• Aaaargh, cont.: where to compose/host build instructions?

    Paul McClay03/29/2021 at 20:35 0 comments

    tl;dr: v2.0 of current doc effort posted as an 'ible -- after ruling that out in last log :-/


    Silly many hours - since the beginning of people expecting me to write in school, writing inefficiently has soaked up a huge chunk of my life. Part of why I don't get write-ups done.

    Since last log whinging about where to compost/host build instructions...

    Concrete specific build instructions (work in progress) will get long.

    Yeh. Long like by far the most voluminous writing project I've ever actually completed a draft of. A small victory over self for me, but mainly useful to make me rethink the assembly sequence so I could flush most of it and start over.

    HaD project instructions appear to allow adding steps only at the end of the sequence. 

    Thought I, until kindly informed of how to re-order steps. (answer:use a desktop browser not a mobile browser requesting the "desktop site".)

    But I don't see how to work on not-yet-public instructions in a public project -- vs. log entries which can be saved in draft. I could do major "instructions" drafts as separate projects, but project proliferation. A way to copy-paste instruction steps en masse would help. I could make Step 1="work in progress; don't bother".

    Instructables is all about instructions and at least makes ordering/inserting steps easy. But their flakey editor [...] Nope.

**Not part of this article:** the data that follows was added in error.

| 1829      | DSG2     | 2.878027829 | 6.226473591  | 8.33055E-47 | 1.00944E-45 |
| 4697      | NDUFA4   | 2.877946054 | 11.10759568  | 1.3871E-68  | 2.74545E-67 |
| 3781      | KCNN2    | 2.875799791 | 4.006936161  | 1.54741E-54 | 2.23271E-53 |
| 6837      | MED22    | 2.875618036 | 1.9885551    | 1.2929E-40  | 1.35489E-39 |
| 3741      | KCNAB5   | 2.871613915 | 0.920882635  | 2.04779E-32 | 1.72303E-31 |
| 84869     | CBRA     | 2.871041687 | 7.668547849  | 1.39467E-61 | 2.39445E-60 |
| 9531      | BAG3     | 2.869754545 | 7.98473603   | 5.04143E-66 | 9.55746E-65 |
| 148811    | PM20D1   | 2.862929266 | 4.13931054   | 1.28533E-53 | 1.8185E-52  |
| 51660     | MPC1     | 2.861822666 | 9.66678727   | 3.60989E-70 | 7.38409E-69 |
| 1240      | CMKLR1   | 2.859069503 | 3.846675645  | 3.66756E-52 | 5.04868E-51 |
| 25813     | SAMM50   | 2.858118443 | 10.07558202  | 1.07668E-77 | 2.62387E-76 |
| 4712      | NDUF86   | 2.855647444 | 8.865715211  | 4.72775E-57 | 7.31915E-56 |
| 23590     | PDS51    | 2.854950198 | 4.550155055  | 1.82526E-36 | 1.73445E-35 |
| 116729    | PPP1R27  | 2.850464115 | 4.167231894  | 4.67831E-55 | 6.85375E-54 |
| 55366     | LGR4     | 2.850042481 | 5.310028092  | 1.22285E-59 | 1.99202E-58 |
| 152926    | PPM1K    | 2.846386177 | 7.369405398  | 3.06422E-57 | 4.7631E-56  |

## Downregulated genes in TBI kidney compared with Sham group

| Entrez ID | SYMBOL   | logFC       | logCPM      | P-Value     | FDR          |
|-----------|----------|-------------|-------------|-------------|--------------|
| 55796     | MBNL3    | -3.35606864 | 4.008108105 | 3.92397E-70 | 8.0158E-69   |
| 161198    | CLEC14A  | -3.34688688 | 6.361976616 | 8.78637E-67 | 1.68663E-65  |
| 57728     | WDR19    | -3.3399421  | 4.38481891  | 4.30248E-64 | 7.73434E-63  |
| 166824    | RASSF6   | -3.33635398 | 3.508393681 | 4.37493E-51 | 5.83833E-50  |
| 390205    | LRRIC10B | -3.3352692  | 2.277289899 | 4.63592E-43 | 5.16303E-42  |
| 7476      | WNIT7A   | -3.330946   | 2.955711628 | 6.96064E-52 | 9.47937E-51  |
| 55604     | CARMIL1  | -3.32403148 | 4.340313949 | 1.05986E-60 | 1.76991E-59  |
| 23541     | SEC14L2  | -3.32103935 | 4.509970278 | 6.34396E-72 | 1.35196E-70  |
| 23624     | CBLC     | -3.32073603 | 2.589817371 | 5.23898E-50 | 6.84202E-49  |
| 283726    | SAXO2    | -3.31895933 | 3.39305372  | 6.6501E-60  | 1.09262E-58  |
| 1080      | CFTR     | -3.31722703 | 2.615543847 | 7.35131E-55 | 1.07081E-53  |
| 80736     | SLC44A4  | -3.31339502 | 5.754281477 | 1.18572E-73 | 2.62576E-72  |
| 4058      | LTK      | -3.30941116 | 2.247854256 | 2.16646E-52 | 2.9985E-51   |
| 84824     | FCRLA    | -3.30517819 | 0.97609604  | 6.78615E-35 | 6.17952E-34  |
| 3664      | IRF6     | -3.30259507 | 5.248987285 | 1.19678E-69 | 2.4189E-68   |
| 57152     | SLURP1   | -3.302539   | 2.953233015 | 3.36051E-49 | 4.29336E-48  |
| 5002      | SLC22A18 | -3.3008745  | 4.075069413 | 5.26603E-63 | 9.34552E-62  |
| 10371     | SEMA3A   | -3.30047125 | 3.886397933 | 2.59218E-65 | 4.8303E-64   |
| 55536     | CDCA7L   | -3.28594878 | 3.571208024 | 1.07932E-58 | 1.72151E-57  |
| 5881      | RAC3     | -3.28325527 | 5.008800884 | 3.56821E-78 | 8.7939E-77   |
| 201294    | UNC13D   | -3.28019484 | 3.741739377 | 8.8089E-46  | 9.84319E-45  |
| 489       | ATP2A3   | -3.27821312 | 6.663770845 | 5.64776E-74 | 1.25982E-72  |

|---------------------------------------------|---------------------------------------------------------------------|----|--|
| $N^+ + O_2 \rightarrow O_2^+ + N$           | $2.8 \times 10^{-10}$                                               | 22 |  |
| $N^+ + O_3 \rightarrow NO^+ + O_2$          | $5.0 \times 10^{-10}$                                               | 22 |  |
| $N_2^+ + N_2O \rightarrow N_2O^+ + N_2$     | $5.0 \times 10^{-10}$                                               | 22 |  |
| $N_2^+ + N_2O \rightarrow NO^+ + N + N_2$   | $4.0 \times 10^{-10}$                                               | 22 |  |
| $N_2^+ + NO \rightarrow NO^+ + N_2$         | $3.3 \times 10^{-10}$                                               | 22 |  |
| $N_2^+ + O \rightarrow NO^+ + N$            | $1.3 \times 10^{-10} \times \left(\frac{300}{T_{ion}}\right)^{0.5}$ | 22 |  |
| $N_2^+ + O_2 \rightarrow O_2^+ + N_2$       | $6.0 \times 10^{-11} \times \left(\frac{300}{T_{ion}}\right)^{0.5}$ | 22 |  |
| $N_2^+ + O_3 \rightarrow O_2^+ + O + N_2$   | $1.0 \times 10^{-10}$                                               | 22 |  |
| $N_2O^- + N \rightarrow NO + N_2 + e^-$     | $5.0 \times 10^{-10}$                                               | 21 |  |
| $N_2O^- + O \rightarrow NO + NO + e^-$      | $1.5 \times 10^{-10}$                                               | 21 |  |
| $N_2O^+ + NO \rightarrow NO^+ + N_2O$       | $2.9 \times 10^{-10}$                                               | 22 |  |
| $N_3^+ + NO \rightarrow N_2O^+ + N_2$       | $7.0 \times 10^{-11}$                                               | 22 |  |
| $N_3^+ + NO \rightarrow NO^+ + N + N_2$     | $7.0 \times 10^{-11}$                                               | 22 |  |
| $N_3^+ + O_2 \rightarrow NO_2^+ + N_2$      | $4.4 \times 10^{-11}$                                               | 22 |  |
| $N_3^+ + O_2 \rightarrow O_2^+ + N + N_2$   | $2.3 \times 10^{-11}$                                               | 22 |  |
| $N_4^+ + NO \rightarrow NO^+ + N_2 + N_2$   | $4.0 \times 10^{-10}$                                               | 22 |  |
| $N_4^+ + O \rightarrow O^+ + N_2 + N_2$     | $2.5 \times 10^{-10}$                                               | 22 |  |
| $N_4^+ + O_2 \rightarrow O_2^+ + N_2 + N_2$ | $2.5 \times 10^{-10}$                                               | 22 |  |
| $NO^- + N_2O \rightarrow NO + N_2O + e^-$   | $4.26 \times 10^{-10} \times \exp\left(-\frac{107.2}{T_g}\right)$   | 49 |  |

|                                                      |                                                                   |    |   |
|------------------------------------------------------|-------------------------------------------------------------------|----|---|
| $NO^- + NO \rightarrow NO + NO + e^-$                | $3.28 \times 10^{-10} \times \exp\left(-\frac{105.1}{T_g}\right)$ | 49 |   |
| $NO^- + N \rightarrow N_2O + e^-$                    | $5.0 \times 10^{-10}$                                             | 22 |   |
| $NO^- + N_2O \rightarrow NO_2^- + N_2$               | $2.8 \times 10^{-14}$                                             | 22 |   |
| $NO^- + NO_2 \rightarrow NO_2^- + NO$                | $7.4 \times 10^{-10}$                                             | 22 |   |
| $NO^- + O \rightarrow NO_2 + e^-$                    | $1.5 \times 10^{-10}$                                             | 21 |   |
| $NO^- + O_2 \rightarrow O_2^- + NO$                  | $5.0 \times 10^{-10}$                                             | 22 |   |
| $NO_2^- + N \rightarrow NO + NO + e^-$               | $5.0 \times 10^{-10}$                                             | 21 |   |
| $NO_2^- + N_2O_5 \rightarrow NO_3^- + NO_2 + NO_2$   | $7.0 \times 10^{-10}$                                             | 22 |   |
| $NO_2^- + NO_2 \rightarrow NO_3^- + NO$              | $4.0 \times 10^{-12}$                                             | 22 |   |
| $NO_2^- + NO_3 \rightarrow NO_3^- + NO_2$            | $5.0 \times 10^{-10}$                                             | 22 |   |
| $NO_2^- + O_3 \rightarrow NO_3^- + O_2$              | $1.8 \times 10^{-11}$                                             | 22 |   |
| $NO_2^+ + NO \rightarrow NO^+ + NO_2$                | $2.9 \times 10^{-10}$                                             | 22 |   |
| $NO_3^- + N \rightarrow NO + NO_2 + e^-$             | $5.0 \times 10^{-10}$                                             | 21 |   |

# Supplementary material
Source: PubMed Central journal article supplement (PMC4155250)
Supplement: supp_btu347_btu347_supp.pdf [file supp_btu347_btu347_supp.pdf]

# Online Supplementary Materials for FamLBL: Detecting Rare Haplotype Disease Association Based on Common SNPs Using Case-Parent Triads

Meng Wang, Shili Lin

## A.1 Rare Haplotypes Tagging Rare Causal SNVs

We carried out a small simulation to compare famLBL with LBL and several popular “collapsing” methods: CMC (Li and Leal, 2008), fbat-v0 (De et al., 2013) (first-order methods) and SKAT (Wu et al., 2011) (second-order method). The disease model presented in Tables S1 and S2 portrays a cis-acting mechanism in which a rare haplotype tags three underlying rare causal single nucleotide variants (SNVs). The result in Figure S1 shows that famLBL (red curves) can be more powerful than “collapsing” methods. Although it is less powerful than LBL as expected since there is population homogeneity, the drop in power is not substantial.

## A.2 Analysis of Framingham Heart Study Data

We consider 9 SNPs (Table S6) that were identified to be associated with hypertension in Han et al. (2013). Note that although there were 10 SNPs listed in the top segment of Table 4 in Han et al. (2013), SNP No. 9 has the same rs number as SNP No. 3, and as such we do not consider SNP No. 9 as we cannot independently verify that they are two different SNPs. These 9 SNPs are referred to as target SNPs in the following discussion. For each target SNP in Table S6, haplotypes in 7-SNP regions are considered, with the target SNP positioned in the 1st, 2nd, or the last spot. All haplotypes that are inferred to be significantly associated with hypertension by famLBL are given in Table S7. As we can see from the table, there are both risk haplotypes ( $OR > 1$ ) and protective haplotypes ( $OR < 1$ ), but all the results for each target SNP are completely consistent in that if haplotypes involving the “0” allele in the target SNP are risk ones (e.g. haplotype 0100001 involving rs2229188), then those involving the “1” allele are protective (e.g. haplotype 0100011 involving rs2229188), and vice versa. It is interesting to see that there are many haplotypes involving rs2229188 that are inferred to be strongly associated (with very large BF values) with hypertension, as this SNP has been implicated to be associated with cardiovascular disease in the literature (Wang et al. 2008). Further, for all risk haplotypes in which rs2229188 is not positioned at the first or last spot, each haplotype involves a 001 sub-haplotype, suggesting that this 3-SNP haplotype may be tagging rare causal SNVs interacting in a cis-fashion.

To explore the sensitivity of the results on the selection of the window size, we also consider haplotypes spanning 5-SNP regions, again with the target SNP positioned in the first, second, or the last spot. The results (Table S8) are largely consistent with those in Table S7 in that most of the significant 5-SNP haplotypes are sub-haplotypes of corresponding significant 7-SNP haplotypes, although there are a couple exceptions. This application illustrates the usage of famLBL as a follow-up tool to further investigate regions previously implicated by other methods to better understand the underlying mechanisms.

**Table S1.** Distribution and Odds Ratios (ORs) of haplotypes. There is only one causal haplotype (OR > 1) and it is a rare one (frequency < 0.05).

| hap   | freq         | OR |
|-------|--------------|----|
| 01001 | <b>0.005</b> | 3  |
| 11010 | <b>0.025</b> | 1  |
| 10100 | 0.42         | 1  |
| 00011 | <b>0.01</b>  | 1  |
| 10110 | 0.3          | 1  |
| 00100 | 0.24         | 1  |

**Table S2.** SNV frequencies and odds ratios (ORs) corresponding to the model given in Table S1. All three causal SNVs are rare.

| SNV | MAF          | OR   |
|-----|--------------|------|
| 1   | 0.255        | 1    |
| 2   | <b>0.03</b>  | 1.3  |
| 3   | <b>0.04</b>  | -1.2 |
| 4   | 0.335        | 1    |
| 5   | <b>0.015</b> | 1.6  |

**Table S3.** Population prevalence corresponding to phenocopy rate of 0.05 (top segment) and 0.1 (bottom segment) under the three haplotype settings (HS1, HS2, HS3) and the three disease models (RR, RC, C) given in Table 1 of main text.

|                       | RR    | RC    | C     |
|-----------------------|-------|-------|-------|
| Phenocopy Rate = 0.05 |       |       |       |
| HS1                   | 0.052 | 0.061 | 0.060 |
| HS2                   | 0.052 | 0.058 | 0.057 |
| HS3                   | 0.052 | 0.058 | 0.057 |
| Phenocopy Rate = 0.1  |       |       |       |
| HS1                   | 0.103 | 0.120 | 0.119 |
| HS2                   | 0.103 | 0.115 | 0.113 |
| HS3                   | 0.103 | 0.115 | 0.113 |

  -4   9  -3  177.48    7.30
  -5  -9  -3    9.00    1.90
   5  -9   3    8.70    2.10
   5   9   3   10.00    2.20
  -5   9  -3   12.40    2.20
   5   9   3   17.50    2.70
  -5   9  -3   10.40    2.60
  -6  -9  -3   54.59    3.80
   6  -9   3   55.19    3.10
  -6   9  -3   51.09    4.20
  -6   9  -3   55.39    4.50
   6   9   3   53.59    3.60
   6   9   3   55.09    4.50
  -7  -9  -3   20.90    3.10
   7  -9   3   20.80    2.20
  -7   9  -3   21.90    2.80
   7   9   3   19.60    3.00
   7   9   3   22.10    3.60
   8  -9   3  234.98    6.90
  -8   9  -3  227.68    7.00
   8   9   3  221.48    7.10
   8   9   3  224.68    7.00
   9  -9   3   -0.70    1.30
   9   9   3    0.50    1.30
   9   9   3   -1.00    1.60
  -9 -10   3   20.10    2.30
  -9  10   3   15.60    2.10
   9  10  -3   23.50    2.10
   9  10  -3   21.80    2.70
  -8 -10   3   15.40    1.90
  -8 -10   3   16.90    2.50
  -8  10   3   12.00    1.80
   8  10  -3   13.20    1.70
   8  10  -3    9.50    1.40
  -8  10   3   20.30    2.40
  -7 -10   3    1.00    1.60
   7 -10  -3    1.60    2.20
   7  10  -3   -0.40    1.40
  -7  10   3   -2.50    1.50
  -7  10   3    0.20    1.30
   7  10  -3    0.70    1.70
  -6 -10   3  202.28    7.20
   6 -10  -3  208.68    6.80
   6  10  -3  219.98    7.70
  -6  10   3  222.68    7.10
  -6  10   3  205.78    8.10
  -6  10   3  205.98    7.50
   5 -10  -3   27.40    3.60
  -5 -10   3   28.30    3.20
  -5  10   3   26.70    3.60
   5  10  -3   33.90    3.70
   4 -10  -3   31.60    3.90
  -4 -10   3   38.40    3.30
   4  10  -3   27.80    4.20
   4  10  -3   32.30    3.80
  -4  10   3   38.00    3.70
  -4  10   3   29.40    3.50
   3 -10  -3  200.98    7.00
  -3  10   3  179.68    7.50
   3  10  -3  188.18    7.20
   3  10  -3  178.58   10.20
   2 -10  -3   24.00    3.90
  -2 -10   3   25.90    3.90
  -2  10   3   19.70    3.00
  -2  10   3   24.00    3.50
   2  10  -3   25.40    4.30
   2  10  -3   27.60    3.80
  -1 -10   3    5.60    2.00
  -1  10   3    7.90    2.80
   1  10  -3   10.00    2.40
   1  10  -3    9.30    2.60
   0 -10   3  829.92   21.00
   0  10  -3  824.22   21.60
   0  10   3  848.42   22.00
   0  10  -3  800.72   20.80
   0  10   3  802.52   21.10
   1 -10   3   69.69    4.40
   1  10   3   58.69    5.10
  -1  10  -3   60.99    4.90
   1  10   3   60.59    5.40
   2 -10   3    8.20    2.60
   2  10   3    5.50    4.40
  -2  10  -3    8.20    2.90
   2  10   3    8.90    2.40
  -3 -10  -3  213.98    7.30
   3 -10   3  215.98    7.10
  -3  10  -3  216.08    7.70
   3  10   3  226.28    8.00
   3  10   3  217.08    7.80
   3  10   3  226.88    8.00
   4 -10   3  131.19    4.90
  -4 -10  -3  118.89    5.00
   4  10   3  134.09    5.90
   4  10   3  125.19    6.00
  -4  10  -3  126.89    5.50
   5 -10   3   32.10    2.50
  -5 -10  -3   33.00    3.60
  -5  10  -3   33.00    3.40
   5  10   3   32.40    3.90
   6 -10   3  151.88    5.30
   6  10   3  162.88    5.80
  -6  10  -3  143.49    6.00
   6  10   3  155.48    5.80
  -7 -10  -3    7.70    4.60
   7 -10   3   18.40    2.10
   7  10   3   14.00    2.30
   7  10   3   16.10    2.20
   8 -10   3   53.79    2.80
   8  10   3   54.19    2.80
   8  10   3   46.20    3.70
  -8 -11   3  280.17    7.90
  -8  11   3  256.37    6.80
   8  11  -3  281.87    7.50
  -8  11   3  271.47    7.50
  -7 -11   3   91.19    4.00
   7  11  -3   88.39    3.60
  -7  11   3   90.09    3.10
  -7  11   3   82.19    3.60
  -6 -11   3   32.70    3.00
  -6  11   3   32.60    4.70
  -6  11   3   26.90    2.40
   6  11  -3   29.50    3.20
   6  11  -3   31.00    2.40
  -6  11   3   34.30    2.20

And then I did v2 as an 'ible. It helped to be writing more assembly and less essay the second time around. Making peace with the editor included doing a lot of fixing borken nested lists (ul, ol) in direct HTML mode but not trying to do anything in HTML mode that the WYSIWIG editor wouldn't do. (exception: direct HTML video embed works -- at least for now). That, and they opened a "Simple Machines" contest about the time I started thinking of a re-write.

    Google docs? No big obstacles, just not feeling it. ... Maybe I'm being stupid about that.

    Shortly after writing the last log, I went all-in on Google docs for the first complete draft. I think the completely unstructured canvas helped with pushing bits and pieces around when I had no idea how the flow would work out.

    I'l prolly use GitHub at least for versioning vector files for the laser cut parts. So maybe do the instructions in markdown files there? That's a lot [...] manual asset/link management (lots of images).

    1. Duh. Already have the CAD in Onshape and Os can manage versioned assets along with the CAD just fine.

    2. I tried a bunch of markdown editors and have used StackEdit before, but found none with a low-friction inline image workflow. (among Android and/or in-browser vs locally installed Windows aps)

    wiki at github? Looks like I'd have do all the navigation linking -- unless finding a clever trick with categories and sorting or something.  Or ToCs on a few rilly long pages.

    Why did I give up on that? No TOCs, iirc.

    "pages" at github? [...] So I started a github pages sandbox [...] I guess I'll give this markdown-in-sidebarectomized-Jekyll-theme github pages thing a try.

    It seemed like the expected use case is working in a local repo, which I'm avoiding by choice, and see above re online markdown editors.


    The subject write-up, by the way, relates directly to #A Cheap Compact Linear Slide, and through that indirectly to #Minamil: a minimal CNC mill. And friends.   

  • Aaaargh: where to compose/host build instructions?

    Paul McClay01/18/2021 at 07:18 1 comment

    A main idea of #Minamil is reproducibility.

    Concrete specific build instructions (work in progress) will get long.

    HaD project instructions appear to allow adding steps only at the end of the sequence. No reordering or inserting mid-list. Non-starter for composing non-trivial instructions.